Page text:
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Telling Broadway’s History With Laurence Maslon

Post by TN contributor Ashli Meynert

When we think of careers on Broadway, we usually think about starring in a show, working backstage or creating a show. However, Laurence Maslon has taken a different approach: working as a Broadway historian on the NPR show “Broadway to Main Street” and teaching at Tisch School of the Arts (previous students include Oscar winner  Mahershala Ali and Tony Award winners Steve Kazee and Nina Arianda). He is also the co-author of the companion book to the documentary “Broadway: The American Musical.”

The History of a Historian

https://tisch.nyu.edu/content/dam/tisch/grad-acting/ActingFacultyPhotos/LaurenceMaslon_square.jpg.preset.square.jpegIt was Maslon’s parents who introduced him to theatre, exposing him to William Shakespeare, George Bernard Shaw, Noel Coward and other playwrights. He didn’t see many Broadway shows, even though his family lived only an hour outside the city. Instead, Maslon directed, wrote and designed many plays and musicals, getting a lot of hands-on experience.

He started his education in the Directing and Dramatic Criticism program at Stanford University in the early 1980s before he left to work at a nonprofit theatre and then intern at various literary offices, including the Arena Stage.

‘Broadway to Main Street’

Maslon is best known for his radio show, “Broadway to Main Street, which “came out of my love of radio, musical theatre and popular performance,” he said. The show is devoted to music that originated onstage, but goes beyond cast album performances to include pop music performances from artists such as Frank Sinatra, Barbra Streisand, Judy Garland and genres such as cabaret and film. Maslon said he firmly believes there is a vast range of music from Broadway in popular culture that goes unnoticed and underappreciated.

“Every episode has a theme or a topic or a tribute or a take,” he said. “It might be the score to ‘Gypsy’ but told through many different versions or singers. It might be the survey of a great performer’s work — Audra McDonald or Elaine Stritch or Al Jolson. It might be a combination of singer and songwriter, such as Fred Astaire sings Gershwin. It might be a topic that interests me, like the most popular Broadway songs on the pop charts or great comedy songs from musicals.”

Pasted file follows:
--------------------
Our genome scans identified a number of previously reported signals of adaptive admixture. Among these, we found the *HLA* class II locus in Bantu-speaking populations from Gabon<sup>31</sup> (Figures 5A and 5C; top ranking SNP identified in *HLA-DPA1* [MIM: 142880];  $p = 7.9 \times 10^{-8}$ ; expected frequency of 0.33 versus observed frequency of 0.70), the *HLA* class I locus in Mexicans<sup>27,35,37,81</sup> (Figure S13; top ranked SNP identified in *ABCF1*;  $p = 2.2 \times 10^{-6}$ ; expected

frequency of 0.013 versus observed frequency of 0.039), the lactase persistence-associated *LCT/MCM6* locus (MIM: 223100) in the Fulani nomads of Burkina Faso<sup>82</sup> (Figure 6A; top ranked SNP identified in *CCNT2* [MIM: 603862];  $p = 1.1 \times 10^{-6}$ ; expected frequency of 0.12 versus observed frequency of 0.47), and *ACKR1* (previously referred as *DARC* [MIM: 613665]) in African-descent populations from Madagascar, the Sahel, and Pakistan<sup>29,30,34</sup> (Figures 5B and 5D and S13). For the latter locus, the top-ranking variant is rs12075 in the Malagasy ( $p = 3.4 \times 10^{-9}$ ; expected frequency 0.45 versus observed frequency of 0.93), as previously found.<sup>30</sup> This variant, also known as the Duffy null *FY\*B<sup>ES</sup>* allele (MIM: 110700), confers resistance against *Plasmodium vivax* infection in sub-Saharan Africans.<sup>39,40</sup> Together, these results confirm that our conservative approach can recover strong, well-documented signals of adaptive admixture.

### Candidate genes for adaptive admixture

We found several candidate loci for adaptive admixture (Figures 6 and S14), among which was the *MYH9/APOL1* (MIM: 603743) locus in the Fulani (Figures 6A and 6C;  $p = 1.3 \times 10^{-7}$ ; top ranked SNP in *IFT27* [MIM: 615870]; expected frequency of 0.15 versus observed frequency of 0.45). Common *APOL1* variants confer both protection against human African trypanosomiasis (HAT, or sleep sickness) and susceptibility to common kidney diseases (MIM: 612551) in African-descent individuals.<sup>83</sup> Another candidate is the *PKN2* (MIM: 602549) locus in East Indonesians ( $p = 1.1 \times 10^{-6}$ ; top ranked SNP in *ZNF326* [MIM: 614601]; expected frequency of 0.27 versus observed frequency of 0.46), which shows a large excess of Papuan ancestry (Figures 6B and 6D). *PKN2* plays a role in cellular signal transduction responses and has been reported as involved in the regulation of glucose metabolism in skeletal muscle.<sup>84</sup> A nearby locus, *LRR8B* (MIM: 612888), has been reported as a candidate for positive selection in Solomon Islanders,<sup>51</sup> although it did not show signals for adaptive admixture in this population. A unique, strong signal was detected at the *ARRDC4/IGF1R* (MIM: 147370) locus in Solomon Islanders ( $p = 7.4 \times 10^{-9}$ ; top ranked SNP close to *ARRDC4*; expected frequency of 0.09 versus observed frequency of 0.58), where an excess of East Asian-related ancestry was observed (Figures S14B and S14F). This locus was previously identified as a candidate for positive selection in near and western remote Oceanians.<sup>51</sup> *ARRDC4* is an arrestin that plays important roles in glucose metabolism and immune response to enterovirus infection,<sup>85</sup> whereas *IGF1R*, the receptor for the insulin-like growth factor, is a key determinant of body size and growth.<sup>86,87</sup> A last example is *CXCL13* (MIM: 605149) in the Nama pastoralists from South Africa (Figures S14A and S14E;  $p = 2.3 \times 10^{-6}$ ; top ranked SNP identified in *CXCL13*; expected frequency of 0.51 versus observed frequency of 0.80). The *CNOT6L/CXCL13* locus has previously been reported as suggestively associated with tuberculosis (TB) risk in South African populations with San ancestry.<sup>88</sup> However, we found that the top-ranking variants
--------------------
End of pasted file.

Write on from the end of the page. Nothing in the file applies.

“I’ve also been lucky to have some great folks in the studio, such as Steven Pasquale, Marin Mazzie and Jason Danieley, Lewis J. Stadlen, Veanne Cox, Danny Burstein and Rebecca Luker,” he said. “I don’t know another show or podcast like it anywhere — it combines the history of Broadway with its popularity in a fun way. We’re on iTunes, Stitcher, NPR One and our own site, so folks can listen to a bunch of different ways. There are over 200 original and unique broadcasts and counting.”

‘Fan Moments’

Today, Maslon gets to work with many theatre actors and actresses, but he isn’t immune to “fan moments,” saying one person stands out in his mind: Julie Andrews.

“I guess the most compelling ‘fan moment’ I ever had was working with Julie Andrews on the Broadway documentary,” he said. “I’ve never seen anyone who exerted such a compelling presence over people — fans, co-workers, Teamsters, you name it. So many people discovered her at a seminal time in their lives — when she was Mary Poppins or Maria von Trapp — that they feel as if she were family. Grown men felt, really. She hosted and narrated the Broadway documentary I co-wrote, and I came up with a line for her to say toward the start of Episode 1, about the Ziegfeld Follies: ‘So let’s start at the very beginning — which we all know is a very good place to start.’ I wasn’t sure she’d go along with it, but she’s a game gal and a total pro. The line always gets hoops and hollers when I play the DVD for my class.”

What’s Next?

Maslon also has a book coming out based on his show, called “Broadway to Main Street: How Show Music Enchanted America,” which will be the story of how music from Broadway reached the American public from 1893 to “Hamilton,” in sheet music, on the radio, in recordings, on cast albums, on television, in movies and online. There will also be lots of behind-the-scenes information, including how a cast album works.

Another project to check out will be Maslon’s upcoming documentary, “Sammy Davis, Jr.: I’ve Gotta Be Me,” which looks into the life of Sammy Davis Jr.

“It’s the first real look at Sammy as a cultural force, trying to create his art and form his own identity in the middle of some tremendous social and political pressures,” he said. “And you can’t beat him as a performer. It began by creating a format — in this case, the many different lives he led — and interviewing folks. Sammy left behind an enormous amount of material on film, and we also had access to some very rare personal effects and photos that no one has ever seen, thanks to a connection with his heirs. His story couldn’t be more timely, and we were also able to celebrate his Broadway career, which was pretty impressive.”

His advice for theatre nerds?

“I’d advise enthusiasts to look into graduate programs but always be on the lookout for professional theatres to work in, even as an intern or volunteer,” Maslon said. “Theoretical knowledge without practical application is useless. Follow your passion. If you dig obscure 17th-century British tragedies (there aren’t many), go for it.”

Download the latest episodes of “Broadway to Main Street” here, and click here to check out one of Maslon’s classes through Tisch.

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